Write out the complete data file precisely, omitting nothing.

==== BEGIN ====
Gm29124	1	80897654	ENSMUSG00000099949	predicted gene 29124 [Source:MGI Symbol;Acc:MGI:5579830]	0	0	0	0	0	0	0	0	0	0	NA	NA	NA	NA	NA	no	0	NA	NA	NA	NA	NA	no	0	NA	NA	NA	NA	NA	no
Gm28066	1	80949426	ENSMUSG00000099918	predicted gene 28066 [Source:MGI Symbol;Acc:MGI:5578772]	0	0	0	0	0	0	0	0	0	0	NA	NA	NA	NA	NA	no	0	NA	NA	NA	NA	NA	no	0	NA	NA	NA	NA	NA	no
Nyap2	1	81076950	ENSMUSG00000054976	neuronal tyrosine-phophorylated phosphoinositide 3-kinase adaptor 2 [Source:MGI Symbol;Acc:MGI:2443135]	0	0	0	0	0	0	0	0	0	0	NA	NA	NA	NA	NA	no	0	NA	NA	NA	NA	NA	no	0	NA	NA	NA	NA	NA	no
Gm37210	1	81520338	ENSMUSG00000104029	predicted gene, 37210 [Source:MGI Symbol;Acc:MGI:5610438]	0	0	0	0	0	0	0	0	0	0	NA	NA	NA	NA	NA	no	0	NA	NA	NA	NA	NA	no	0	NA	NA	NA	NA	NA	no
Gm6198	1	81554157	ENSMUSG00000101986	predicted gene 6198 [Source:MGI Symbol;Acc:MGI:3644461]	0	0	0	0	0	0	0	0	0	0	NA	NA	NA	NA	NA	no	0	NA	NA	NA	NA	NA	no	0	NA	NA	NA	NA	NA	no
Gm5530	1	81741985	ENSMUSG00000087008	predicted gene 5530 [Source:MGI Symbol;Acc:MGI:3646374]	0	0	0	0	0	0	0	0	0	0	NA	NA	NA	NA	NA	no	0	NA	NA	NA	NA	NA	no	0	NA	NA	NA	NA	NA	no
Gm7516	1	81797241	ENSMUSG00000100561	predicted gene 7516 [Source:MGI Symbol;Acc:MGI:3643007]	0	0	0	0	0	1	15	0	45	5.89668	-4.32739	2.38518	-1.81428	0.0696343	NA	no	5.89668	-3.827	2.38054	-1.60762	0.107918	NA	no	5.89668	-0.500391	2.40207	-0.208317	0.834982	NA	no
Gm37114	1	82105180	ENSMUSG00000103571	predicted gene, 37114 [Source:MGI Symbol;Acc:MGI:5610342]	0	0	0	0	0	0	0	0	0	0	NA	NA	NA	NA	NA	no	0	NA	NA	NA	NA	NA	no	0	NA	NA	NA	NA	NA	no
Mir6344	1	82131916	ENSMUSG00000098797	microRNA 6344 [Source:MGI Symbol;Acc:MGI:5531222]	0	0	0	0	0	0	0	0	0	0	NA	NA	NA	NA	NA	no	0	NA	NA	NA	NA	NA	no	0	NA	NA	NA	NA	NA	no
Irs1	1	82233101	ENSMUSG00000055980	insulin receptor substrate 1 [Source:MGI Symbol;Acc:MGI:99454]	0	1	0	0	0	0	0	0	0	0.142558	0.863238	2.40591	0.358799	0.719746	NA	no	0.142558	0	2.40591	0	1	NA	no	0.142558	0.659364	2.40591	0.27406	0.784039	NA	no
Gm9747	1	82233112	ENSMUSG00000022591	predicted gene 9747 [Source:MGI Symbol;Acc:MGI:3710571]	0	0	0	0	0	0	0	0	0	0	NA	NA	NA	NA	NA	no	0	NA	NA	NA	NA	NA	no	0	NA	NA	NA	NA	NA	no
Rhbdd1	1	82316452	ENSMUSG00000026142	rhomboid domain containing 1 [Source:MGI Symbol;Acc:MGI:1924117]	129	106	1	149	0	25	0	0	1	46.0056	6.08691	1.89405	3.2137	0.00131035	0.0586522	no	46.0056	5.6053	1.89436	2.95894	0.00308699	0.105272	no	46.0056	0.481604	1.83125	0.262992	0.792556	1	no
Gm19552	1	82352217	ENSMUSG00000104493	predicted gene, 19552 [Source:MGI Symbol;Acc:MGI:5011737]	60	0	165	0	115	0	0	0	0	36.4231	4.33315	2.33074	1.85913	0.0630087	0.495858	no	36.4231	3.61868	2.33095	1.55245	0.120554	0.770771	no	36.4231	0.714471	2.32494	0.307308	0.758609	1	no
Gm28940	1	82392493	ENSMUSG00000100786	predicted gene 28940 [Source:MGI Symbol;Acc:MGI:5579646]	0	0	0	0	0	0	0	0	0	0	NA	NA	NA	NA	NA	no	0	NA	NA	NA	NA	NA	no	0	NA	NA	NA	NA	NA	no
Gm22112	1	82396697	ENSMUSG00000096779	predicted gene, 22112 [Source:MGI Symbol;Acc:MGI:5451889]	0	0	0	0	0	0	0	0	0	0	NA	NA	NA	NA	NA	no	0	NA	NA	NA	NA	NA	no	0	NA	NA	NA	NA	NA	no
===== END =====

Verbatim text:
Gm29124	1	80897654	ENSMUSG00000099949	predicted gene 29124 [Source:MGI Symbol;Acc:MGI:5579830]	0	0	0	0	0	0	0	0	0	0	NA	NA	NA	NA	NA	no	0	NA	NA	NA	NA	NA	no	0	NA	NA	NA	NA	NA	no
Gm28066	1	80949426	ENSMUSG00000099918	predicted gene 28066 [Source:MGI Symbol;Acc:MGI:5578772]	0	0	0	0	0	0	0	0	0	0	NA	NA	NA	NA	NA	no	0	NA	NA	NA	NA	NA	no	0	NA	NA	NA	NA	NA	no
Nyap2	1	81076950	ENSMUSG00000054976	neuronal tyrosine-phophorylated phosphoinositide 3-kinase adaptor 2 [Source:MGI Symbol;Acc:MGI:2443135]	0	0	0	0	0	0	0	0	0	0	NA	NA	NA	NA	NA	no	0	NA	NA	NA	NA	NA	no	0	NA	NA	NA	NA	NA	no
Gm37210	1	81520338	ENSMUSG00000104029	predicted gene, 37210 [Source:MGI Symbol;Acc:MGI:5610438]	0	0	0	0	0	0	0	0	0	0	NA	NA	NA	NA	NA	no	0	NA	NA	NA	NA	NA	no	0	NA	NA	NA	NA	NA	no
Gm6198	1	81554157	ENSMUSG00000101986	predicted gene 6198 [Source:MGI Symbol;Acc:MGI:3644461]	0	0	0	0	0	0	0	0	0	0	NA	NA	NA	NA	NA	no	0	NA	NA	NA	NA	NA	no	0	NA	NA	NA	NA	NA	no
Gm5530	1	81741985	ENSMUSG00000087008	predicted gene 5530 [Source:MGI Symbol;Acc:MGI:3646374]	0	0	0	0	0	0	0	0	0	0	NA	NA	NA	NA	NA	no	0	NA	NA	NA	NA	NA	no	0	NA	NA	NA	NA	NA	no
Gm7516	1	81797241	ENSMUSG00000100561	predicted gene 7516 [Source:MGI Symbol;Acc:MGI:3643007]	0	0	0	0	0	1	15	0	45	5.89668	-4.32739	2.38518	-1.81428	0.0696343	NA	no	5.89668	-3.827	2.38054	-1.60762	0.107918	NA	no	5.89668	-0.500391	2.40207	-0.208317	0.834982	NA	no
Gm37114	1	82105180	ENSMUSG00000103571	predicted gene, 37114 [Source:MGI Symbol;Acc:MGI:5610342]	0	0	0	0	0	0	0	0	0	0	NA	NA	NA	NA	NA	no	0	NA	NA	NA	NA	NA	no	0	NA	NA	NA	NA	NA	no
Mir6344	1	82131916	ENSMUSG00000098797	microRNA 6344 [Source:MGI Symbol;Acc:MGI:5531222]	0	0	0	0	0	0	0	0	0	0	NA	NA	NA	NA	NA	no	0	NA	NA	NA	NA	NA	no	0	NA	NA	NA	NA	NA	no
Irs1	1	82233101	ENSMUSG00000055980	insulin receptor substrate 1 [Source:MGI Symbol;Acc:MGI:99454]	0	1	0	0	0	0	0	0	0	0.142558	0.863238	2.40591	0.358799	0.719746	NA	no	0.142558	0	2.40591	0	1	NA	no	0.142558	0.659364	2.40591	0.27406	0.784039	NA	no
Gm9747	1	82233112	ENSMUSG00000022591	predicted gene 9747 [Source:MGI Symbol;Acc:MGI:3710571]	0	0	0	0	0	0	0	0	0	0	NA	NA	NA	NA	NA	no	0	NA	NA	NA	NA	NA	no	0	NA	NA	NA	NA	NA	no
Rhbdd1	1	82316452	ENSMUSG00000026142	rhomboid domain containing 1 [Source:MGI Symbol;Acc:MGI:1924117]	129	106	1	149	0	25	0	0	1	46.0056	6.08691	1.89405	3.2137	0.00131035	0.0586522	no	46.0056	5.6053	1.89436	2.95894	0.00308699	0.105272	no	46.0056	0.481604	1.83125	0.262992	0.792556	1	no
Gm19552	1	82352217	ENSMUSG00000104493	predicted gene, 19552 [Source:MGI Symbol;Acc:MGI:5011737]	60	0	165	0	115	0	0	0	0	36.4231	4.33315	2.33074	1.85913	0.0630087	0.495858	no	36.4231	3.61868	2.33095	1.55245	0.120554	0.770771	no	36.4231	0.714471	2.32494	0.307308	0.758609	1	no
Gm28940	1	82392493	ENSMUSG00000100786	predicted gene 28940 [Source:MGI Symbol;Acc:MGI:5579646]	0	0	0	0	0	0	0	0	0	0	NA	NA	NA	NA	NA	no	0	NA	NA	NA	NA	NA	no	0	NA	NA	NA	NA	NA	no
Gm22112	1	82396697	ENSMUSG00000096779	predicted gene, 22112 [Source:MGI Symbol;Acc:MGI:5451889]	0	0	0	0	0	0	0	0	0	0	NA	NA	NA	NA	NA	no	0	NA	NA	NA	NA	NA	no	0	NA	NA	NA	NA	NA	no